A complex system such as the brain that comprises many local functional states can be said to be in one particular global functional state at each moment in time (Ashby, 1960). Brain states change in a non-continuous manner: brain functional state over time shows extended periods during which there is small variance of state; these periods of quasi-stability are concatenated by rapid and major changes of state. An example is wakeful consciousness and its sudden disappearance with sleep onset. Such state changes are associated with major changes in brain electric activity as recorded from the scalp of the intact human head as electroencephalogram ("EEG"). In the sub-second time range which is relevant for human conscious mentation and for useful interaction with the environment, brain electric activity can be parsed into brief split second microstates characterized by quasi-stable spatial distributions (landscapes) of electric potential that are connected by quick changes in landscapes. As different electric potential landscapes must have been generated by different distributions of neuronal electric activity in the brain, it is reasonable to assume that different microstates embody different functions of the brain. The experimental results suggest that the seemingly continual stream of consciousness is incorporated by successive steps of brain operations, reminiscent of the flight-perch-sequences of subjective experience (James, 1890). Microstate analysis has begun to develop a dictionary of functions of these sub-second brain microstates and to explore their syntax.
Brain electric fields
Brain electric field data (EEG and event-related potentials [ERP]) recorded simultaneously from many electrodes (locations) on the human head surface can be viewed as series of maps of the momentary spatial distributions of electric potential, as 'potential landscapes' (Lehmann, 1971, 1972). Typically, 128 to 512 maps per second are used.
The historical and unfortunate discussions in the EEG community about the choice of a presumable 'inactive' electric reference location are not an issue here, because a given landscape cannot be changed by the location of the point from which it is measured; this choice merely determines the value labels of the isopotential lines - quite like the rising or receding water level of a lake in a mountainous area changes the location of the zero water level mark, but not the landscape (Lehmann, 1987; Geselowitz, 1998).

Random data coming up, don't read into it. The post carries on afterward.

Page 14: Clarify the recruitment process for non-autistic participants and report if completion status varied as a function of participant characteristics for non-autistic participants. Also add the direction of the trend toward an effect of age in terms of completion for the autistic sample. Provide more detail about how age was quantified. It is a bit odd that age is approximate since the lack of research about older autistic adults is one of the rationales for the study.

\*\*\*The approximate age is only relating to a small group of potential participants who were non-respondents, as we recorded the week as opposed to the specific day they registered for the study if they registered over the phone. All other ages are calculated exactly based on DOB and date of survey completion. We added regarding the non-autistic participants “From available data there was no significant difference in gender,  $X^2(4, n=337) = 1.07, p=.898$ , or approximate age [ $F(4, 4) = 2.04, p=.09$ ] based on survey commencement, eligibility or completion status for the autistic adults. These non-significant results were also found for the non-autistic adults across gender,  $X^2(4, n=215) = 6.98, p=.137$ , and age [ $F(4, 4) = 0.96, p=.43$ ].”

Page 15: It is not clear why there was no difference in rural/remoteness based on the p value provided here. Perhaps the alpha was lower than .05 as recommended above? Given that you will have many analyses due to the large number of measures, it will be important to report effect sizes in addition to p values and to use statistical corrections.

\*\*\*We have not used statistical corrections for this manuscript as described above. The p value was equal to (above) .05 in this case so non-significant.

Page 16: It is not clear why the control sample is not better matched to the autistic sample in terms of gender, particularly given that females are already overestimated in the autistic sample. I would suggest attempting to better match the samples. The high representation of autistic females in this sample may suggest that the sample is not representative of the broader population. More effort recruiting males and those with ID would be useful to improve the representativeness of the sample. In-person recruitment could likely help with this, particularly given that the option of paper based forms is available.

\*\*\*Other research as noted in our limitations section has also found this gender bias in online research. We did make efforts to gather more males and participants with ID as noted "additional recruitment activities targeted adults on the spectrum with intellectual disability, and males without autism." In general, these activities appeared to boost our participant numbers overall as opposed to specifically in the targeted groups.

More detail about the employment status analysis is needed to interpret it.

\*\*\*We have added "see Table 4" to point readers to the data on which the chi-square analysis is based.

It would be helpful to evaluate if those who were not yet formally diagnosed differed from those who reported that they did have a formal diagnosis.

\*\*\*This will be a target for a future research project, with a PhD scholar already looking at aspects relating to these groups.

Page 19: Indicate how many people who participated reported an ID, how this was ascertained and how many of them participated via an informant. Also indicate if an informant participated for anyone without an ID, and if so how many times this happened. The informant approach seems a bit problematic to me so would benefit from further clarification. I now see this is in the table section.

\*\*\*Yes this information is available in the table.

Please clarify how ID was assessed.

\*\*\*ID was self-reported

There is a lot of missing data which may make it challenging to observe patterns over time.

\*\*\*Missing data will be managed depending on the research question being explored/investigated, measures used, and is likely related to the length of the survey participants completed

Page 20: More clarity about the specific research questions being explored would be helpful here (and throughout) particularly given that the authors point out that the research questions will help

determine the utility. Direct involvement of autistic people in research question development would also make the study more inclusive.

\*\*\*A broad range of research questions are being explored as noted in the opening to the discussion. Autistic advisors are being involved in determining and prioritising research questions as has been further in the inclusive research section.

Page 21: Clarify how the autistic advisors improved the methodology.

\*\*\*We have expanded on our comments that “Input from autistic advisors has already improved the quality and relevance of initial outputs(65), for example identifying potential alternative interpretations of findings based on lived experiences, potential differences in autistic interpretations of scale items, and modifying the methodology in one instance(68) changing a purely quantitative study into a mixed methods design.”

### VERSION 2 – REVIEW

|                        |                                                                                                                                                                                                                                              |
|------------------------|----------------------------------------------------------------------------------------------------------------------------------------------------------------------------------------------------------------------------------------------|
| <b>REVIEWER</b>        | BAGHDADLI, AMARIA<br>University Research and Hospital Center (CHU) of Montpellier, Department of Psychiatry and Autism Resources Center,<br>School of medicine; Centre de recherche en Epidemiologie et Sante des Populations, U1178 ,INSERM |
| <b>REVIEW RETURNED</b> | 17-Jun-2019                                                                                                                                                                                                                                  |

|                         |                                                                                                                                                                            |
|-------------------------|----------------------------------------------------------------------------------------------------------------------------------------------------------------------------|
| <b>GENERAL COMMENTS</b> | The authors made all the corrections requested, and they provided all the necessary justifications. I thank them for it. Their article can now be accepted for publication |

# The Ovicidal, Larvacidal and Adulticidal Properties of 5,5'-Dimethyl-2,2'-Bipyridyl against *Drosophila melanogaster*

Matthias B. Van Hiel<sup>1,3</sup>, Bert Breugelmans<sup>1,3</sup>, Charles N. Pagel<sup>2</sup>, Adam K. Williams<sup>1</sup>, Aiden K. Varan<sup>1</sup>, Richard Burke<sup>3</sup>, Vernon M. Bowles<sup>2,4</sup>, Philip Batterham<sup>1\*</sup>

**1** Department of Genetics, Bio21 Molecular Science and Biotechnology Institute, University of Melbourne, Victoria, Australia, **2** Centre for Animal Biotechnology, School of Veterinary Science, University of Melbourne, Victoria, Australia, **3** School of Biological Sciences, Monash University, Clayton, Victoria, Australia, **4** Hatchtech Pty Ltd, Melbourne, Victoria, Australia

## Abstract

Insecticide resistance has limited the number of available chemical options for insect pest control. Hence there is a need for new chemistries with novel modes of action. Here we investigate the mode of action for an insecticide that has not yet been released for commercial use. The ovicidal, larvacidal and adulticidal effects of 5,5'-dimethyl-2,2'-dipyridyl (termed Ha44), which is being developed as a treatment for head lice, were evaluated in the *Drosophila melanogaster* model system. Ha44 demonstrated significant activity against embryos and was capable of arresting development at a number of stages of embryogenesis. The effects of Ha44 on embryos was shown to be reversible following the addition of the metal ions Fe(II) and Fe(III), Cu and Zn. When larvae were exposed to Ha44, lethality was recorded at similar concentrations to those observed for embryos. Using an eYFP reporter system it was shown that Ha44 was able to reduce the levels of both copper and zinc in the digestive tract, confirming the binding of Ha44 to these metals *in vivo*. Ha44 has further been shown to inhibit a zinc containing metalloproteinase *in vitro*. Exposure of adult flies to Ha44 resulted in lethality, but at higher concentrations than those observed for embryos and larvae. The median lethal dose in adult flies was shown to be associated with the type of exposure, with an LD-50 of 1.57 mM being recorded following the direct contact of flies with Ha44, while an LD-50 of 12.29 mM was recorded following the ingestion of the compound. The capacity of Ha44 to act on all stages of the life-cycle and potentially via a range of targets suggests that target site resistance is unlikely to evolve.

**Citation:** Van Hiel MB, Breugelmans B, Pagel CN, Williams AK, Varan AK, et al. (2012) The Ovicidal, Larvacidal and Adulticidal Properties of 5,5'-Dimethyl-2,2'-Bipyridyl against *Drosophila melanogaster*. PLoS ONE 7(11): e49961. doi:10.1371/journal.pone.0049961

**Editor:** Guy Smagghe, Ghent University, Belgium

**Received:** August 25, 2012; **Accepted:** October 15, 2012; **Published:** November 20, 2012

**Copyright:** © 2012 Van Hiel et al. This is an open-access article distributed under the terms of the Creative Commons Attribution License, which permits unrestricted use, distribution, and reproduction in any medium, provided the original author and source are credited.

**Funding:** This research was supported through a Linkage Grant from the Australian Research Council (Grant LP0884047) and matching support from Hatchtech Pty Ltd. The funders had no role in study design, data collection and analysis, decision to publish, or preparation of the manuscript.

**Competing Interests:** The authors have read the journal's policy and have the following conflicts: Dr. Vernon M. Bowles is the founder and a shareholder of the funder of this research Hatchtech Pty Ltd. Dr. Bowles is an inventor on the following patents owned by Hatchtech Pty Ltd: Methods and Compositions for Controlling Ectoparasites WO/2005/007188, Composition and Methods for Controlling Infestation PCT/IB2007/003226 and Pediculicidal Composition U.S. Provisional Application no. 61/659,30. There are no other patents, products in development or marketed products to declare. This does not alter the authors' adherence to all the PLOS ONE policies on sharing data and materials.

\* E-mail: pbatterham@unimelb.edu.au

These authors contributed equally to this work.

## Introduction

Over time, the potential landscapes vary in electric strength. Map Hilliness (Lehmann, 1971) assesses map strength; it is defined as the sum of the absolute microvolt values measured at all electrodes divided by the number of electrodes; the assessment must be done after the values in each map have been expressed as deviations from the mean of all momentary values (spatial DC offset removal, 'average reference'). Global Field Power is a related, parametric assessment of map strength, computed as standard deviation of the momentary potential values (Lehmann and Skrandies, 1980).
Over time, the potential landscapes vary also in configuration. For numerical comparisons of map landscapes, Global Map Dissimilarity is computed (Lehmann and Skrandies, 1980): The two maps to be compared are average-referenced and scaled to unity Global Field Power; then, one map is subtracted form the other one. The value of Global Field Power of the resulting difference map is the magnitude of Global Map Dissimilarity.
Statistical comparison of potential landscapes between experimental conditions or between different groups of subjects uses as dependent measure Global Map Dissimilarity, or extracted parameters such as the location of the two centroid locations of the map's positive and negative potential areas (Wackermann et al., 1993) or the electric gravity center (the mean of the two centroid locations); all are strength-independent measures. Such analyses determine whether different neuronal generators have been involved in the different conditions or groups at a given time. Typically, non-parametric randomization tests are used (Karniski et al. 1994; Kondakor et al., 1995; Strik et al., 1998; see Murray et al., 2008). Statistical assessment of the specificity of the microstates for different experimental conditions has been achieved by spatial fitting procedures using Global Map Dissimilarity as metric (Brandeis et al., 1992; Pegna et al., 1997; Michel et al., 1999; Michel et al., 2001; Murray et al., 2008).
Parsing the series of momentary potential maps into microstates
In continually recorded human EEG, series of momentary maps of electric potential landscapes during task-free resting show discontinuous changes of landscapes (Lehmann, 1971, 1972). The movie (Fig. 1) visualizes this: it shows the sequence of EEG landscapes recorded from 19 electrodes during a 2 second epoch from a healthy young man who was asked to relax with closed eyes (128 maps per second; the head is seen from above, nose up; red are positive, blue are negative potential regions referenced to the mean of all momentary potentials).